It was a weekend like any other; our calendar was packed with play dates, parties, and the crowning event, the Superbowl. I felt a little drained from the busy workweek but still happy to spend time with my family.

Saturday came around and I found that, for some reason, I was hanging on by a thread. I needed time to be alone, time to visit Leo’s grave, but with an exclusively breast fed baby, I needed to stay near home. I was feeling like life had dealt me a really unfair hand. I was sad, angry, and bitter, and I knew that, unfair as it may feel, losing Leo is a part of my life whether I like it or not.

I didn’t attend any of our scheduled events on Saturday. I just couldn’t be in public, not even with close friends. My son is dead; I should have a 22 month-old boy. I should be done breastfeeding. I need freedom! My heart was crying out in anguish to be free from grief, free from having to pull myself together every day, free from doubting that the human body was actually built to last. I needed to be free from demands for milk, from laundry, from being strong for my husband, from his needs.

I cried. I cried tears of sadness, of frustration, of anger. I let them all out and I let go of trying to steer my life in this direction or that. I ended up having a pretty decent day because my husband and kids made it so and because I allowed them to step in and carry me. They took me to visit Leo and let me have some time alone. When baby started crying, they came back so I could give her the love and nourishment that she needed.

I woke up Sunday morning with the strangest feeling. I felt okay. Not okay as in “so-so” but okay as in “reconciled”. I was awash with understanding and peace. My son was dead but I was going to be okay! I felt okay for the first time since he passed. One day I’m hanging on by a thread and the next I feel good, hopeful, healed.

We went about our normal Sunday routine. Breakfast, church, playing outside in the yard, laundry, and I felt pretty happy. I have this beautiful rainbow baby girl, two beautiful sunshine girls, and of course, an angel up in Heaven. We set out to watch the Super Bowl and the girls and I were excitedly watching commercials, waiting for Katy Perry’s half time show. And then, in the midst of my family time, in the middle of my living room, played a commercial that I will not soon forget.

A sweet little boy muses about all of the things he will never get to do. Why not? Because he’s dead.

Did you hear that? What? He’s what? What kind of commercial is that!? Rewind. That’s right. We didn’t hear it wrong. Nationwide wants to remind all of the viewers of the 49th Super Bowl that “The #1 cause of childhood deaths is preventable accidents.”

image

Valid point. But the delivery? Painful.

This hit home hard. You see, I struggle everyday to remind myself or to give comfort to my husband that SIDS was not our fault. I know that approximately 2,500 babies die of SIDS each year in the U.S. Facts are facts. My son’s death was not a preventable accident, and I’m not saying that Nationwide implied that SIDS deaths are accidental. What I am saying is that I try to avoid the “would have, could have” thoughts and comments that flood me every day. What did my son miss out on? What did we miss out on? Quite a lot. But thinking about that and talking about that is a non-starter. It’s the fast track to depression. What was the intent of this commercial?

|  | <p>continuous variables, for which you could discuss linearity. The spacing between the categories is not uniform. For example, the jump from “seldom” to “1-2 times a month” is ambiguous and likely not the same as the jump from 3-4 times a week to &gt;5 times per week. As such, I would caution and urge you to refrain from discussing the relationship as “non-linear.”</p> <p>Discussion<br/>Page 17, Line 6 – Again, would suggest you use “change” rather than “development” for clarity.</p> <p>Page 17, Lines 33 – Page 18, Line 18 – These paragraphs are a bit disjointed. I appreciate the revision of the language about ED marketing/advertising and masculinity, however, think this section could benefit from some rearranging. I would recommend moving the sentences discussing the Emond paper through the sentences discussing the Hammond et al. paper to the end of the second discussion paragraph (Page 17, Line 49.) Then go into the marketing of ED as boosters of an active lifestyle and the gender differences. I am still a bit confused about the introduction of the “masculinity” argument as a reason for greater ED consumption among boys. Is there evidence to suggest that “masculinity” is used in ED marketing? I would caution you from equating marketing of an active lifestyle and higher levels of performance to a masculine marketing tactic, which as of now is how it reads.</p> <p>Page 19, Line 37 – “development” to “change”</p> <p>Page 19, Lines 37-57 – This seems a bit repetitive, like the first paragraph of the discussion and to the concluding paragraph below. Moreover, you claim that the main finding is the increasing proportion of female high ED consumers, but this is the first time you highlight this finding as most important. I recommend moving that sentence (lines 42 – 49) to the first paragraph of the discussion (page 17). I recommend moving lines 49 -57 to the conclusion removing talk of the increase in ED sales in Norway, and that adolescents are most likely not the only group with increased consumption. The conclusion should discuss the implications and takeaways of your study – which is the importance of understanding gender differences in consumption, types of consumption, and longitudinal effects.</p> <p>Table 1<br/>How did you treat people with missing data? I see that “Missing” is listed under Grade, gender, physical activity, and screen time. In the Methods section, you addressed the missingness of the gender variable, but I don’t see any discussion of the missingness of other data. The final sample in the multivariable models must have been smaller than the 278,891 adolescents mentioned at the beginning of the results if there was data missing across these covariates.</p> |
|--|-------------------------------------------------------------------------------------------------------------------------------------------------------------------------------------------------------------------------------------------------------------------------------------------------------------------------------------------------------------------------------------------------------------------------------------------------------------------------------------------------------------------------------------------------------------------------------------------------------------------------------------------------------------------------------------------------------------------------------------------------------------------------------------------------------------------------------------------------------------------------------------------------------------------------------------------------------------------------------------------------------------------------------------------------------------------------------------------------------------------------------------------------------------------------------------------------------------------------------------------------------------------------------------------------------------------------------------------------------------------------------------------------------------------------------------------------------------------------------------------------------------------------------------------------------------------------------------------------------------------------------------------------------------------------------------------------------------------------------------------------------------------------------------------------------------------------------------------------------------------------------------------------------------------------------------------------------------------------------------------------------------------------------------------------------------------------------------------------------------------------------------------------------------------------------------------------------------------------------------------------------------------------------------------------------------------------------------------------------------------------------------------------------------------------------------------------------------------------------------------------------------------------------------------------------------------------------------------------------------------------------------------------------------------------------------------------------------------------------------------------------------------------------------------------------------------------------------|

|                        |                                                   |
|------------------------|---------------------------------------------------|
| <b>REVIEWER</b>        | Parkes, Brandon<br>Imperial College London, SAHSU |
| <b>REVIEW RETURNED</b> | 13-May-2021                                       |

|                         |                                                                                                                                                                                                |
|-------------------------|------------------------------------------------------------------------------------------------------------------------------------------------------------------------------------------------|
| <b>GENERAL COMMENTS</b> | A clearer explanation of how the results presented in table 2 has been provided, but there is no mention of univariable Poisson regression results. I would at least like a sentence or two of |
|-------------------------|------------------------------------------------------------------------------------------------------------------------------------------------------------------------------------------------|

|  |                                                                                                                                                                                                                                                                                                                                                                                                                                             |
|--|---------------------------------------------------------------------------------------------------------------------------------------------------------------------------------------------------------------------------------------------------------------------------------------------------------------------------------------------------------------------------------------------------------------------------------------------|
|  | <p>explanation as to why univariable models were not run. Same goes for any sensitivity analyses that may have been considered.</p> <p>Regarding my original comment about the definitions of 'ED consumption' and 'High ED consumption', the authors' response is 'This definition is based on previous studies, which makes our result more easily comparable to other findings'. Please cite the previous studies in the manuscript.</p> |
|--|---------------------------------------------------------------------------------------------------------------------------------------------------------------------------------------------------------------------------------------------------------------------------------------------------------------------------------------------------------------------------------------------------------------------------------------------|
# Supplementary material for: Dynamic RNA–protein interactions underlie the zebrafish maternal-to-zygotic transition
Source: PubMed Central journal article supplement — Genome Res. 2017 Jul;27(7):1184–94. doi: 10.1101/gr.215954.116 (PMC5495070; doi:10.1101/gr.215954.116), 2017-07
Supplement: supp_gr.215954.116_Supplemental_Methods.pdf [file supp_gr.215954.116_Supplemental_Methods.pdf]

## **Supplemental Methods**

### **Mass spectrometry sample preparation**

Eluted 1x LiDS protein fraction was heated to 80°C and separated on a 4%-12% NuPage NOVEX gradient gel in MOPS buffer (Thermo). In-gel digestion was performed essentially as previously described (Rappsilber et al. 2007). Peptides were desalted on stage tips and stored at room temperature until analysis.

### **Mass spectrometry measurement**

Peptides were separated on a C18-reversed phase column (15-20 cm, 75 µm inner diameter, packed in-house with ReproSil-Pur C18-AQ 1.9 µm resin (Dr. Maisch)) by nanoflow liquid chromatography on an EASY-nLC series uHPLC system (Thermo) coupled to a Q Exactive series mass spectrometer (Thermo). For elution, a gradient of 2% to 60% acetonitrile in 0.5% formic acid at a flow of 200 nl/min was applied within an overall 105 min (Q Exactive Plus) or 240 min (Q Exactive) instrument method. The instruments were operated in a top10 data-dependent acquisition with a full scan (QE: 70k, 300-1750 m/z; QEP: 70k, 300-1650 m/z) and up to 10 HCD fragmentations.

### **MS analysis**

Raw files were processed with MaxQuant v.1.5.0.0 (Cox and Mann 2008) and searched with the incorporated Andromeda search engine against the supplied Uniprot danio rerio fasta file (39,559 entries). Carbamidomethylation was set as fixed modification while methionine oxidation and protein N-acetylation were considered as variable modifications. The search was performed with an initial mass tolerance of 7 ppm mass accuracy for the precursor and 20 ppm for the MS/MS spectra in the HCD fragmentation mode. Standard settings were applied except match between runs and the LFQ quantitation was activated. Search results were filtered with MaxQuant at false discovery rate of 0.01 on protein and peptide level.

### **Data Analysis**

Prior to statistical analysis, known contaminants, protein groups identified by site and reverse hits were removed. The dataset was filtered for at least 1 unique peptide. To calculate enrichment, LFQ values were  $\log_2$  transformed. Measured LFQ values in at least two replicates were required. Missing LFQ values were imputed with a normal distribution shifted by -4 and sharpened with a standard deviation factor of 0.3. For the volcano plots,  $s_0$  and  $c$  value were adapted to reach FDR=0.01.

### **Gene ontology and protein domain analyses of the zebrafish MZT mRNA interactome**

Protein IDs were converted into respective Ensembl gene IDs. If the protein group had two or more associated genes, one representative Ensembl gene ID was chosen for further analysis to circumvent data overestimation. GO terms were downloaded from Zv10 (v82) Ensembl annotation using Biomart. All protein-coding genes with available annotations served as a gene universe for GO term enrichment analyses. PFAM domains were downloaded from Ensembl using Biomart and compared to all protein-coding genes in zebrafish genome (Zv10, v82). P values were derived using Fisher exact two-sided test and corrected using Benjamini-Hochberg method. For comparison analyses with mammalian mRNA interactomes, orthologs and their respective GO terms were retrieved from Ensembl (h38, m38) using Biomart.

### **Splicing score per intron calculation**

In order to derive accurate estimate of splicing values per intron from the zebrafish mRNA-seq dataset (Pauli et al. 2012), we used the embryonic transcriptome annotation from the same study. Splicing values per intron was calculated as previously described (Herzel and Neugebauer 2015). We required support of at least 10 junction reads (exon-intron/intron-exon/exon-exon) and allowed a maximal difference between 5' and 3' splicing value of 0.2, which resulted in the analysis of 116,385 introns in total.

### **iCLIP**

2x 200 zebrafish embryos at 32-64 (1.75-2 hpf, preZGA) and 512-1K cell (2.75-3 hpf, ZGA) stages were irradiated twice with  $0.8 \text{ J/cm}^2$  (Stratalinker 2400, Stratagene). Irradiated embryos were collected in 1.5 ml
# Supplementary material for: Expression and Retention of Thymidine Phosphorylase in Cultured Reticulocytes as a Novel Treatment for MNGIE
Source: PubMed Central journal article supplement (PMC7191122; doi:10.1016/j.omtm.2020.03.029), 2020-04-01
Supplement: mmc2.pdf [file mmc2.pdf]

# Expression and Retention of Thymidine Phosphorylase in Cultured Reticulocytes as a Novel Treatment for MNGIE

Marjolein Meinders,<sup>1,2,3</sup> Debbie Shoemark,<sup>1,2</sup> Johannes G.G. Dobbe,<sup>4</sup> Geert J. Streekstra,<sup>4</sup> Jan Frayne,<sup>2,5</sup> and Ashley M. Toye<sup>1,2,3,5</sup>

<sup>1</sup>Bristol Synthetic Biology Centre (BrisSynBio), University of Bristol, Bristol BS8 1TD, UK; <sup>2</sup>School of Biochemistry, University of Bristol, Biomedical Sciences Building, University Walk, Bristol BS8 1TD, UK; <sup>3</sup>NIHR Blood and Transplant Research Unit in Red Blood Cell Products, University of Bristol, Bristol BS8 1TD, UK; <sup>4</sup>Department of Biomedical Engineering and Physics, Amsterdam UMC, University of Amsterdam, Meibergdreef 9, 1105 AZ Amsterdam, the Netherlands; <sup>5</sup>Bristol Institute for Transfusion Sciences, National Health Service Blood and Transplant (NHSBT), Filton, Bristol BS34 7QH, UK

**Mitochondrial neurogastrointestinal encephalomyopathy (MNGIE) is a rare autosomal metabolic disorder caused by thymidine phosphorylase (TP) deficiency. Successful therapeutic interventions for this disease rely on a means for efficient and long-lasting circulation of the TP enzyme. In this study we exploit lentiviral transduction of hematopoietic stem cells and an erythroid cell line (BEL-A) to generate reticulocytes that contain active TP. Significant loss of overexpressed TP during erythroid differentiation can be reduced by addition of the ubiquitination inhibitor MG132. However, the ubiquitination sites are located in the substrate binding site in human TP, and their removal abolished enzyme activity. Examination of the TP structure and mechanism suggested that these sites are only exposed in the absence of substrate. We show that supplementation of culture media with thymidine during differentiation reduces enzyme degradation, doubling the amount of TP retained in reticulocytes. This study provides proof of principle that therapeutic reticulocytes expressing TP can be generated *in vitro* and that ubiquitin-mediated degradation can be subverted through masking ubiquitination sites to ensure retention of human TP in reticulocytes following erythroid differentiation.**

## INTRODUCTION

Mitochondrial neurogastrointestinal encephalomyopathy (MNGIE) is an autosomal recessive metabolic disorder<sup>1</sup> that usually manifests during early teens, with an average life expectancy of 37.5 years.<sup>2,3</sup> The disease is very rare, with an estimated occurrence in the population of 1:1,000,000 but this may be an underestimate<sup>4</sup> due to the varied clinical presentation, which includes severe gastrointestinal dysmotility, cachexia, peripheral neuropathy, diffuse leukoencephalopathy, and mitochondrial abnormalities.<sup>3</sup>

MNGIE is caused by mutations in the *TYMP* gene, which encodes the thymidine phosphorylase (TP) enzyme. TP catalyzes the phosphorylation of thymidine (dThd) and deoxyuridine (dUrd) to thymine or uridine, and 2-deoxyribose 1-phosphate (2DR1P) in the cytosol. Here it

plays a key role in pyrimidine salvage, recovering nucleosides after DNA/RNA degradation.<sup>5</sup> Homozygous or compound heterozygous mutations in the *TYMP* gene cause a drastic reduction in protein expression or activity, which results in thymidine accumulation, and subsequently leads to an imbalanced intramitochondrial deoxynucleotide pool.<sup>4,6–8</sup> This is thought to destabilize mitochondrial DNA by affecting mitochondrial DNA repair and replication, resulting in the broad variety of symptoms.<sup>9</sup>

I have to thank God that the Superbowl was on Sunday, the day that I felt okay, and not Saturday, the day that I was hanging by a thread because Nationwide Insurance threw me a major curve ball. I’m still not so sure what I’m supposed to do with it. All I can say is that it was a really insensitive commercial and you know what they are going to miss out on? A lot of business!

As I watch my rainbow sleep tonight, lights blinking faithfully on her apnea monitor, I wonder what I might miss out on with her when she dies too. I push those nasty thoughts out of my head and say a quick prayer for trust. I need to believe that my son’s death was an anomaly; he was the exception, not the rule.

Commercials like this one don’t do a lot to move people to healthy conversations about childhood death or grief. It’s okay to talk about my son! I want you to, really! It doesn’t hurt me or bring up old wounds. I don’t really want to hear what you think he would be doing if he was alive, because that isn’t possible. But I do want to hear what you remember of him, how you honor him, that you still look at his photograph.

Today, I chose to not let this ignorant commercial rob me of any of the joy that I set out to share with my girls and husband and I also forgave myself for the anger and bitterness I felt on Saturday. Being a bereaved parent and trying to raise another child after a loss is really a lot of work. It is important that we are gentle with ourselves, even when the world is not.

Share this story!